This man who grew up in a village in Zimbabwe isn't shedding tears over Cecil the Lion.
Because lions are scary, you dopes. (via Wild CRU)
In an op-ed in the New York Times today titled "In Zimbabwe, We Don't Cry For Lions," Zimbabwean Goodwell Nzou—a doctoral candidate in molecular and cellular biosciences at Wake Forest University—confessed that he thinks killing lions ain't such a bad thing.
Nzou, who grew up in a village in Zimbabwe, says that with the outrage surrounding the killing of Cecil the Lion by a Minnesota dentist, he has "faced the starkest cultural contradiction I'd experienced during my five years studying in the United States."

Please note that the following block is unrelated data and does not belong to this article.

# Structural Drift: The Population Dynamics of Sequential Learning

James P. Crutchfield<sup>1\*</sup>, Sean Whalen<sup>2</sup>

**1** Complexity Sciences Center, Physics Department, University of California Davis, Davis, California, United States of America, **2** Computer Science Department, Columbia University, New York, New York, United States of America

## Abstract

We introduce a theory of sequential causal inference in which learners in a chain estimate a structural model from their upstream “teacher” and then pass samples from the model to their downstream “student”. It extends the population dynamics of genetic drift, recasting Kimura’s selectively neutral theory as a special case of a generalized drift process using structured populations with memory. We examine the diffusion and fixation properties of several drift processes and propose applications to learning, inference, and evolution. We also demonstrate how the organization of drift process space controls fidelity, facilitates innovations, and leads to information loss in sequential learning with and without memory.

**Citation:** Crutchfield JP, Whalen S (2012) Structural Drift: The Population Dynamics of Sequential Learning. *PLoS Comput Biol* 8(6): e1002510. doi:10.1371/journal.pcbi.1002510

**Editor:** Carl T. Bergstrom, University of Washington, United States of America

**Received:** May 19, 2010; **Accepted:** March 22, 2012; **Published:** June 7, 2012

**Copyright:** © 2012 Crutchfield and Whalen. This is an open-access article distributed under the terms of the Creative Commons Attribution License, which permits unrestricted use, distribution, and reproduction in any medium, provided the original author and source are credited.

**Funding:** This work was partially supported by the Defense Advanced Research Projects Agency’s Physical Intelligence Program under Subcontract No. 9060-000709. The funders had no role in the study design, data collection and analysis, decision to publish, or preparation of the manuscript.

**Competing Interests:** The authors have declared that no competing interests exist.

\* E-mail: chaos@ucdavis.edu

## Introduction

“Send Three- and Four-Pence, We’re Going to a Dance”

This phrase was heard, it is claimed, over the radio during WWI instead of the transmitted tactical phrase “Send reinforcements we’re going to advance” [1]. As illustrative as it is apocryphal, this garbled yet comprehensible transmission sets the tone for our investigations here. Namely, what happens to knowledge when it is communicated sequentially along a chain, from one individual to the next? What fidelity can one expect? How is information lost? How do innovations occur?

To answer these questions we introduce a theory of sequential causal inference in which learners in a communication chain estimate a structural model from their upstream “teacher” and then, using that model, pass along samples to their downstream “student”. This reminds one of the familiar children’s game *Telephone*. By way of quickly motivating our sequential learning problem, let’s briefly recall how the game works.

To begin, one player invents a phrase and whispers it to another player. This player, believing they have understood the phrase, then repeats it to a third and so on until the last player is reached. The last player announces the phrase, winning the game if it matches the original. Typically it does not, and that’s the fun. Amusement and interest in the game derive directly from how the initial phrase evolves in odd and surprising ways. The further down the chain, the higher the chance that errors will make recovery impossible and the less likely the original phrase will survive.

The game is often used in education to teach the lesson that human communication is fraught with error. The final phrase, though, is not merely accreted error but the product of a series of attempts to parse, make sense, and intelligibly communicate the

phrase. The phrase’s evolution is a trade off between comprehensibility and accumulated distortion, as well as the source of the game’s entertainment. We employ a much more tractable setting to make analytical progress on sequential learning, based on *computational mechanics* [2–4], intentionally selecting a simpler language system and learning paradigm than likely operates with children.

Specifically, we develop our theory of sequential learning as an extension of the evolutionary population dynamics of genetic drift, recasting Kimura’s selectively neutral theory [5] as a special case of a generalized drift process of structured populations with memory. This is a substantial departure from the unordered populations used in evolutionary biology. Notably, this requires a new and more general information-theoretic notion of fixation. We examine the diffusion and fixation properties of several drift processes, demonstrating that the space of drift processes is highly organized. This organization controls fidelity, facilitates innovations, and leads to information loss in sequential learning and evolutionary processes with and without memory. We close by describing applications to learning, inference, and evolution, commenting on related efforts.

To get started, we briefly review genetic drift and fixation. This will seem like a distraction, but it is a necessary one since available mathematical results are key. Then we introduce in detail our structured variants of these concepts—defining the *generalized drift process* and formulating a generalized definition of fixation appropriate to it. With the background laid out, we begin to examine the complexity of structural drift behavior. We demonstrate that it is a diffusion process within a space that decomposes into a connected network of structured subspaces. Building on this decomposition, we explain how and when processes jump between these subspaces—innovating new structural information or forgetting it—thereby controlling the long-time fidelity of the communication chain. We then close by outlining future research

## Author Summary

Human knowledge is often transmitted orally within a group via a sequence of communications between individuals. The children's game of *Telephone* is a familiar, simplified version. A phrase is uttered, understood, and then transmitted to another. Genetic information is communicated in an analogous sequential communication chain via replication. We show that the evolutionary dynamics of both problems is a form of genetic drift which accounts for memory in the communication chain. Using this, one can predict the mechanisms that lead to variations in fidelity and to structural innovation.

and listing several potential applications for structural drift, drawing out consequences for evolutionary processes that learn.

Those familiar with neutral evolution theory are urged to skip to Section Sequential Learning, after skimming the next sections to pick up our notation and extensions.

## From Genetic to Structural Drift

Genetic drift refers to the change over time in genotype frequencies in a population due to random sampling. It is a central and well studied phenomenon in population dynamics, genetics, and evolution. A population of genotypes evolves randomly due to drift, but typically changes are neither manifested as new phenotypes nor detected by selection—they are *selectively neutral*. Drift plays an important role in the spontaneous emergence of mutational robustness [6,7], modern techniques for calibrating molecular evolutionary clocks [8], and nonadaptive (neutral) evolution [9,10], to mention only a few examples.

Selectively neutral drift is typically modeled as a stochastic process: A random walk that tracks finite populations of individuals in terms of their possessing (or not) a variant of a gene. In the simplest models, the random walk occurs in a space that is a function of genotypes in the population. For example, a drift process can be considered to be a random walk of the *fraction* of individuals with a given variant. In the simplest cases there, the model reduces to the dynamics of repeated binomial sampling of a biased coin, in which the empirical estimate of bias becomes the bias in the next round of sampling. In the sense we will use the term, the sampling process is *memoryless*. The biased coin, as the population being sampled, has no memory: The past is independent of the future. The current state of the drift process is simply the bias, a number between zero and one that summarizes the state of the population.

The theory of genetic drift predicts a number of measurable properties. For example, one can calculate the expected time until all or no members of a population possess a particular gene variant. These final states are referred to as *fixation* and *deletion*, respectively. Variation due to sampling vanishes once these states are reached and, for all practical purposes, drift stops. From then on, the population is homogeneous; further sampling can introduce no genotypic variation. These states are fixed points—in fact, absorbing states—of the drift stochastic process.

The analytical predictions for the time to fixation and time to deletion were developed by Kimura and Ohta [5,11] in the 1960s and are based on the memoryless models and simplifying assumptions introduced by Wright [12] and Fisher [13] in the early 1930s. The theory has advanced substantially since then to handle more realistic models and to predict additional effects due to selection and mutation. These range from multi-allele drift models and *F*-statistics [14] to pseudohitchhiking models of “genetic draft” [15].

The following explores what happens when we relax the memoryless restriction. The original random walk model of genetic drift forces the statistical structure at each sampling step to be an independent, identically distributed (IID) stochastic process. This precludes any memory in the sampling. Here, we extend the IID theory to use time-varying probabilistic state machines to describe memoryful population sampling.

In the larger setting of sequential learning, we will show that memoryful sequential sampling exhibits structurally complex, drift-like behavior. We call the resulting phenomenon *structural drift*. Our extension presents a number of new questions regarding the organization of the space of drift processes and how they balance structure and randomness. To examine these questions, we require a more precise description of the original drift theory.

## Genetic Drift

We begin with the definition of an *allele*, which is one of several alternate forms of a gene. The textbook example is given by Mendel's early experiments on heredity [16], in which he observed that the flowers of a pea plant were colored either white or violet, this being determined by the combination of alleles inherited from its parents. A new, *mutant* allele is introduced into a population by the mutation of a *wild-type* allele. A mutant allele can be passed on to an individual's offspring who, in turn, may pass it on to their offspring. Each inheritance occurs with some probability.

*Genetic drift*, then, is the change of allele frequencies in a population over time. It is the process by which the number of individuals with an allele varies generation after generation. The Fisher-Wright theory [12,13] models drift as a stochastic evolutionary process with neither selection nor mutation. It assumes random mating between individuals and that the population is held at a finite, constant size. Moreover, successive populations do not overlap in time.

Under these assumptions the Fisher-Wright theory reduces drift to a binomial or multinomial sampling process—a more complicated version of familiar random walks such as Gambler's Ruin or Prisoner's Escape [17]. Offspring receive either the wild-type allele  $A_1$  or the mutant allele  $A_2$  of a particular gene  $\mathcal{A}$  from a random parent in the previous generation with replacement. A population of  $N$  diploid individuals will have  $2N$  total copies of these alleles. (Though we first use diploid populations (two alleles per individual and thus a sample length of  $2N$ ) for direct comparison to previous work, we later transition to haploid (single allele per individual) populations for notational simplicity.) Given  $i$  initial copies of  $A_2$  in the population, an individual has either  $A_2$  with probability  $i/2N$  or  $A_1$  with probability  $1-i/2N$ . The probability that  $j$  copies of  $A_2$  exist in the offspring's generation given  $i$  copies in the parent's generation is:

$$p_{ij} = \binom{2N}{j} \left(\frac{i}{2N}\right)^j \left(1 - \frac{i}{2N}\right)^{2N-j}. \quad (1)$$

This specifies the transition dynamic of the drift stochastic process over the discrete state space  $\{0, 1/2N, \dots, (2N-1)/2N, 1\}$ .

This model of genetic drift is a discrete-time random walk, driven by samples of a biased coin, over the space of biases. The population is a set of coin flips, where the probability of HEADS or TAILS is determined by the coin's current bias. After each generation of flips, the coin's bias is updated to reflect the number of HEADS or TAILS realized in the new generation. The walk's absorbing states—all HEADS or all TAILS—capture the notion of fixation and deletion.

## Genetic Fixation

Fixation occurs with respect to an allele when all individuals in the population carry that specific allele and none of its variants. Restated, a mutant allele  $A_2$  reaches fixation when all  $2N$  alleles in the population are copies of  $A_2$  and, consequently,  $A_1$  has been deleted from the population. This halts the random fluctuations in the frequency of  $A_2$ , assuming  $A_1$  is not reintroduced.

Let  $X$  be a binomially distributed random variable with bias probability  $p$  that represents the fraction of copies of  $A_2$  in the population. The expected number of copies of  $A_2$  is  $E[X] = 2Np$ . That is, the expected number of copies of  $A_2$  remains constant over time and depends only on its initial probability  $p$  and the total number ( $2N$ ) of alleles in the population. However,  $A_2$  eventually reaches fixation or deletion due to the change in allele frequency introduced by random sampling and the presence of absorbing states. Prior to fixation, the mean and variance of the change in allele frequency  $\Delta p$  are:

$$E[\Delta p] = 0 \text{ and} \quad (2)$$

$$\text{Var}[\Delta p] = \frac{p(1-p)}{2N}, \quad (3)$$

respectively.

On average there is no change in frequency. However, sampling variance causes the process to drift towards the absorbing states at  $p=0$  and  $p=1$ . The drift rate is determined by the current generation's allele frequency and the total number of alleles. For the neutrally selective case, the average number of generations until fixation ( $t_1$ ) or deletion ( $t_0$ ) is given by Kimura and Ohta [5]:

Here's the money quote:
In my village in Zimbabwe, surrounded by wildlife conservation areas, no lion has ever been beloved, or granted an affectionate nickname. They are objects of terror.
Wait, what? Lions are...bad? Okay, sure, sometimes lions kill people, but that's only because they're misunderstood, right? According to Nzou, lions can terrorize villagers. When a lion that had been living near his village was finally killed:
No one cared whether its murderer was a local person or a white trophy hunter, whether it was poached or killed legally. We danced and sang about the vanquishing of the fearsome beast and our escape from serious harm.
More recently, a lion killed a 14-year-old boy in a village near Nzou's hometown. Okay, but Cecil was a special, protected lion. Are we really wrong to be outraged? Or are things, as Nzou suggests, just getting a little out of hand?